Today I’m talking commute basics, as somebody recently asked me what to keep in mind when making the transition to bike commuting. It took me back to when I dusted off my old Ross mountain bike and said to myself, “Metro no more. I’m going to make this bike commute thing happen.” Happily, it wasn’t a tough transition to make, but it was a change to my personal transportation system that took time to refine and become routine.
Now that I’ve adjusted, it’s hard to imagine a time when I relied on metro or car more than my bicycle as my primary form of transportation.
For those considering bike commuting, this post discusses the the basic gear I purchased and the adaptations I made to bike commute. Everyone develops their own systems over time, and this is my basic rundown.
1. Obtain a bike or (in cities like Washington, D.C.) purchase a Bikeshare membership. This post is more for the person with his or her own bike, but some of it applies to anyone riding to work. Wonder what type of bike is good for commuting? This post I wrote about my Surly Long Haul Trucker, which is my primary commuter, gives you some factors to consider including price point, utility, carrying capacity, and comfort.
2. Make sure your bike is in good working condition. Tires, wheels, shifting, chain, brakes… perhaps consider a trip to the local bike shop for a pre-commute tuneup.
3. Purchase a pump, spare tube, multitool, bike levers, and patch kit and stow them on your bike. Nobody wants a flat tire, but it’s important to have the right stuff to fix one if it happens. You might also consider carrying a small packet of wet wipes so that you can clean up any dirt and grease that may have rubbed off on you.
4. Map out a route with quiet streets, even if you have to ride a little further. Figure out your route before you hop on the bike. Ask around to other cyclists about good commute routes. There are lots of forums out there with commuters who are happy to offer route suggestions. One resource in the D.C. area is the Washington Area Bike Forum.
5. Figure out the best place to park your bike. Can you park in your office? Is there a nearby parking garage with an attendant on duty? Scope it out. If you know or see another commuter in your building, ask him or her.
6. Commute on a bike that can take panniers (I prefer Ortliebs) or at least allows you to ride without anything on your back. Some people may not mind riding with a backpack or messenger bag, but it bothers my back and I don’t like to be encumbered by the extra weight.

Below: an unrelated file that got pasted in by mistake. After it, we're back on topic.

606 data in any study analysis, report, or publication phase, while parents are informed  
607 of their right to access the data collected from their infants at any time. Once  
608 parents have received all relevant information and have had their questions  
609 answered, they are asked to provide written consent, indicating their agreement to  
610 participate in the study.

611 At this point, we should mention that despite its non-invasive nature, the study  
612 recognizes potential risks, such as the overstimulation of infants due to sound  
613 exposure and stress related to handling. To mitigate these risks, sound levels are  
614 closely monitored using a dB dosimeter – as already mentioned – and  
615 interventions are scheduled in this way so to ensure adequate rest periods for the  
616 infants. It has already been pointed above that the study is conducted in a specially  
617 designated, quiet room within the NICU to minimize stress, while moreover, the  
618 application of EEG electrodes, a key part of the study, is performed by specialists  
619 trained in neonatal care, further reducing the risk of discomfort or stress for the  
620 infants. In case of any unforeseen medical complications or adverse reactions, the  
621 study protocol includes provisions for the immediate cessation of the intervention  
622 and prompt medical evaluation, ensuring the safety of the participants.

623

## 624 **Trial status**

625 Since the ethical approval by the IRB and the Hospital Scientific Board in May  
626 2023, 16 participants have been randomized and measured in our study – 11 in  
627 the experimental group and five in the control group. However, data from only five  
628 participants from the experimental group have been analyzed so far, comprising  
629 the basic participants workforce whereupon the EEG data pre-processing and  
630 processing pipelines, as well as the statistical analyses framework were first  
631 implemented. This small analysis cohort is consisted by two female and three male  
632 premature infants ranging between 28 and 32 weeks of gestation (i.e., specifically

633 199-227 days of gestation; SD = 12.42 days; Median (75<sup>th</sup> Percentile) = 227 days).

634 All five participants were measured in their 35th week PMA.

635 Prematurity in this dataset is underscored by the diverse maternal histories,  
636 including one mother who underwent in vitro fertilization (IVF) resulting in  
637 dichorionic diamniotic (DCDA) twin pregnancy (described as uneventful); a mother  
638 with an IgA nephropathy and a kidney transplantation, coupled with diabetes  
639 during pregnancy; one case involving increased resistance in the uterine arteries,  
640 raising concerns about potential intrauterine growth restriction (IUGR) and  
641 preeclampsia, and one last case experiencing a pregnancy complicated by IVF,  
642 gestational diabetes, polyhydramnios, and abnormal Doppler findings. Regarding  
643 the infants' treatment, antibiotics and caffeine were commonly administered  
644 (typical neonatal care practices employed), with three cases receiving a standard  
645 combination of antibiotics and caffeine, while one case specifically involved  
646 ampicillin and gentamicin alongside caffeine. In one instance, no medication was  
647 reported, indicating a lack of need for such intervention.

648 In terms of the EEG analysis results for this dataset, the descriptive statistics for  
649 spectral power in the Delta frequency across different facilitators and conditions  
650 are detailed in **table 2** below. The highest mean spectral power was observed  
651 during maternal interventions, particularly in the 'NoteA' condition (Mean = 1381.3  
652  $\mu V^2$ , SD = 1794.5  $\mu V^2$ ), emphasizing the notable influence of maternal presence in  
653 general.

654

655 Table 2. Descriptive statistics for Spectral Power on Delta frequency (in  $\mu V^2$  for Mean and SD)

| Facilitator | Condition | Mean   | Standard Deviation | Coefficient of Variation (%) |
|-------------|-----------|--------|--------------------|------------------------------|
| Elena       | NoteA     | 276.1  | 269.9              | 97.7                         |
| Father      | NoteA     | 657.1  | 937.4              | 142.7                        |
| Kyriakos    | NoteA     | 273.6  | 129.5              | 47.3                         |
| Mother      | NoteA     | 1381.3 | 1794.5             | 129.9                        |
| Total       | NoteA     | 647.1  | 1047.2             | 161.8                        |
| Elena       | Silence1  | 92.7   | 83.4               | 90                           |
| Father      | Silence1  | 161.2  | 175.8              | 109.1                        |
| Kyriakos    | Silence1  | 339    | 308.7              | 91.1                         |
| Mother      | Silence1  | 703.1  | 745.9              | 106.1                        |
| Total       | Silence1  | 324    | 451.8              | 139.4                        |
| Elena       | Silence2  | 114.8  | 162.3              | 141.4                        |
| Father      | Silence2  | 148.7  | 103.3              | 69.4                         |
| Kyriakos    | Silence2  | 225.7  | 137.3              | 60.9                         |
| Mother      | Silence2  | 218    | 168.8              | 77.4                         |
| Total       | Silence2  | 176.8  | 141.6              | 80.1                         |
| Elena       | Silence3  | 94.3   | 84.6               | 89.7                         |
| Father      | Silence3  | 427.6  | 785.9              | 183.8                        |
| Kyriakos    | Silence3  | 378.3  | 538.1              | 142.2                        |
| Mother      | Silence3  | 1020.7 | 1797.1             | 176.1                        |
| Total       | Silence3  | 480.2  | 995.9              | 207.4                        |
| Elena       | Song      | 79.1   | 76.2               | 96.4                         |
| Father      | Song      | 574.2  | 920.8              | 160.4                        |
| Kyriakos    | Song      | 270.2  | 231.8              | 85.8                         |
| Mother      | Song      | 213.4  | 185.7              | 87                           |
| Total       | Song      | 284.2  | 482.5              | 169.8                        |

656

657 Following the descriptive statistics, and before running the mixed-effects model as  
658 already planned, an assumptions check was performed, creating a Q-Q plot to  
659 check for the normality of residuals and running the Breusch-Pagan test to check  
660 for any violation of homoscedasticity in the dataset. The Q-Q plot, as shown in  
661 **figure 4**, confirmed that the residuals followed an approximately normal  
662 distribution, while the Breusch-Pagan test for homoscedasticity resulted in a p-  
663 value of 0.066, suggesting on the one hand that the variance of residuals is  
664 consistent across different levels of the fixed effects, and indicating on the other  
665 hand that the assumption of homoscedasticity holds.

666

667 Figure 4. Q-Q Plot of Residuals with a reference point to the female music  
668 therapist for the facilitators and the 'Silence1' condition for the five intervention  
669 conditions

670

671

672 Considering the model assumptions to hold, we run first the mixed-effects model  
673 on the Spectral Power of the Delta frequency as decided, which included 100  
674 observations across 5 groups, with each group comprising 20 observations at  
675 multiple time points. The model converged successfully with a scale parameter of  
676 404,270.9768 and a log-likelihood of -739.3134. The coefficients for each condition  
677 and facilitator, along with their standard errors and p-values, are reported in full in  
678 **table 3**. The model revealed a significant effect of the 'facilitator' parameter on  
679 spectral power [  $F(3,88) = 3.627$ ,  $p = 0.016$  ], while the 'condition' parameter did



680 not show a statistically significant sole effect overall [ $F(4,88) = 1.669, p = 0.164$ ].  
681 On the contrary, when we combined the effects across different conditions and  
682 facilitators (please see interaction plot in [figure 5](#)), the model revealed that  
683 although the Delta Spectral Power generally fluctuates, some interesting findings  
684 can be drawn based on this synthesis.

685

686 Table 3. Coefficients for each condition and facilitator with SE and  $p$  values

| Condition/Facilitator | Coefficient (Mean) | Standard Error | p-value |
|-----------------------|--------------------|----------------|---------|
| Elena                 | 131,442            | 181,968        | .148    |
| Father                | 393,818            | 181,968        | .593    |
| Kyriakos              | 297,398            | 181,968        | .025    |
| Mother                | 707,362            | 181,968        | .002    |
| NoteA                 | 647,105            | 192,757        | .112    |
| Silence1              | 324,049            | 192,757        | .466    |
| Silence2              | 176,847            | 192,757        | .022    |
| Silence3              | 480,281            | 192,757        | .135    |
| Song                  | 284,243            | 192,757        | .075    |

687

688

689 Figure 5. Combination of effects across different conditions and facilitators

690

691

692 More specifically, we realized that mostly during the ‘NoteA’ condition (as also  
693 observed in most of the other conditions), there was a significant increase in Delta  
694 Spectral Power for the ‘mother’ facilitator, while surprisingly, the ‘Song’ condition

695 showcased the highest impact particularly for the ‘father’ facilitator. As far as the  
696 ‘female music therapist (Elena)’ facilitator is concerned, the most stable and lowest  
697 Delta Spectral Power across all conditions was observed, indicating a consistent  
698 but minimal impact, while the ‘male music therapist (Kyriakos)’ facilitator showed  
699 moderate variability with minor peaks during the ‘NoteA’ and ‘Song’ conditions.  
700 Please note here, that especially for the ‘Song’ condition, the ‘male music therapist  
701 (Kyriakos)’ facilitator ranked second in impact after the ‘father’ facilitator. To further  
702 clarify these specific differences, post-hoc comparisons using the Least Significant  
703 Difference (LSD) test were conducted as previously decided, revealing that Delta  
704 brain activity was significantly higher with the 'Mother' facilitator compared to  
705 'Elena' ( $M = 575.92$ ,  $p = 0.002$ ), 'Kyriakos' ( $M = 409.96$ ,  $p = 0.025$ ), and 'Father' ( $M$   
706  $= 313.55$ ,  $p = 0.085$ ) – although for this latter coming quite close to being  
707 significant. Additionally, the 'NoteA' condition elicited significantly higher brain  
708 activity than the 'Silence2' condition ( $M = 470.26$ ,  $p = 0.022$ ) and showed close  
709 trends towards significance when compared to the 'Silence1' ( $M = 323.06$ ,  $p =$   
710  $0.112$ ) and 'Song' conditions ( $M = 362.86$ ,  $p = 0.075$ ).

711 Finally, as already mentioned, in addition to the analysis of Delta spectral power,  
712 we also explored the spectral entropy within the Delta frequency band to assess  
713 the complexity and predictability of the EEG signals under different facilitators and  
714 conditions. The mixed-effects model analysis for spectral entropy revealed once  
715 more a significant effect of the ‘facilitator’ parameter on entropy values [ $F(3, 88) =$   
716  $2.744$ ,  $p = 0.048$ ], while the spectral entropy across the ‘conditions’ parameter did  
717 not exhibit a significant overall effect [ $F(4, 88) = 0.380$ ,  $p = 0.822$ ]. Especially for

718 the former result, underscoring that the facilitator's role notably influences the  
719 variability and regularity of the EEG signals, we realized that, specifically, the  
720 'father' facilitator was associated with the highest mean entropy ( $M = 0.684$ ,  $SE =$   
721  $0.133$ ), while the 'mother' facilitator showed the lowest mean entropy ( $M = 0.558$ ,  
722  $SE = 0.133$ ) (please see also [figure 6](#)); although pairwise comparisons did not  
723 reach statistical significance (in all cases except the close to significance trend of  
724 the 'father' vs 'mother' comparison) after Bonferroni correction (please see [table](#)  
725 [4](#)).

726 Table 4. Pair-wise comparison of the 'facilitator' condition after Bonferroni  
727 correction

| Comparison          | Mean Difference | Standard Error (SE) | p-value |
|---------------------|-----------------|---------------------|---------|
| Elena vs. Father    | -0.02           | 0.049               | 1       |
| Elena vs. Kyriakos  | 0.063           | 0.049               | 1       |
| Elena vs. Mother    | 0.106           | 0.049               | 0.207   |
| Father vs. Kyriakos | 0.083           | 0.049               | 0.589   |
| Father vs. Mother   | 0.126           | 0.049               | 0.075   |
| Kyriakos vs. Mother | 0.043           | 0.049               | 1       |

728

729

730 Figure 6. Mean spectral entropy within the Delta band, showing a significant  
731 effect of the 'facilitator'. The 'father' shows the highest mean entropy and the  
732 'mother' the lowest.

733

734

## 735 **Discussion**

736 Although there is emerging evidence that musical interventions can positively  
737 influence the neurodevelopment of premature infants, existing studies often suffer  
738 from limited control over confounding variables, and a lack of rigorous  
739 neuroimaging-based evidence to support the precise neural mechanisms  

If you ride to work in your work clothes, the following three points may not apply to you. I’m all for it if someone wants to ride in work clothes, and I do so often enough. That said, I’ve found it puts additional extra wear and tear on my work attire, which means I have to go out and replace it more frequently. It’s also better for rainy days, as I avoid a day spent in wet work clothes. Hence, the following three points for those who, like me, change from their riding clothes into business attire after arriving at the office.
7. Don’t carry your work clothes in every day, if you can help it. Figure out a place to stash them in your office. I have a file drawer that conceals a couple of sweaters, a wrinkle-free skirt, and a couple of other regularly used pieces.
8. Find a dry cleaner close to your job. That way, you avoid having to haul clothes back home, dry cleaning them, and then figuring out how to fold them back into your panniers or packs to bring them back in to work.
9. Rotate clothes in and out of you office as the seasons change. Oh, and as they get dirty :).
10. Keep a brush, towel and some deodorant at the office. Also, on hot days, save the makeup application for post-work arrival. Otherwise it just melts off.
11. Don’t let the rain scare you off. Get some fenders. Invest in a rain jacket. They’re worth it.
12. Purchase a good front and rear light. I’m currently using a Light & Motion Urban 180 front light (which has been replaced with the Urban 200) and another Light & Motion Vis 180 Micro taillight. Both recharge via USB charger, which makes it easy to juice them up at the office. These are reasonably priced, durable lights with good illumination. Lights are important not only to see, but also to be seen. When I made the switch to bike commuting, I was shocked by how invisible those who ride or run at night become without lights or reflective gear.
13. Wear reflective gear, especially if you ride at night or commute before dawn. It may not be stylish, but reflective stuff makes your more visible to drivers and other cyclists. Ankle bands and reflective vests are cheap. Don’t give anybody the excuse to say that they did not see you.
14. Helmet. I am not going to tell you what to do, but it’s part of my checklist.
15. Invest in and carry a good bike lock. This is especially important if you have to park your bike outside or plan to go on any pre- or post-work outings in the city. Even though a U-lock can be broken by a determined thief, they are less likely to be messed with than cable locks. U-locks do add a little bit of weight to your bike, but I’d rather deal with that and have the additional security than fret all day about my bike and put it at greater risk for being stolen.
That concludes my list of commute basics, though I probably forgot something. Hope you find it helpful and as always, please feel free to add to this post with your own checklist items in the comments section. Thanks!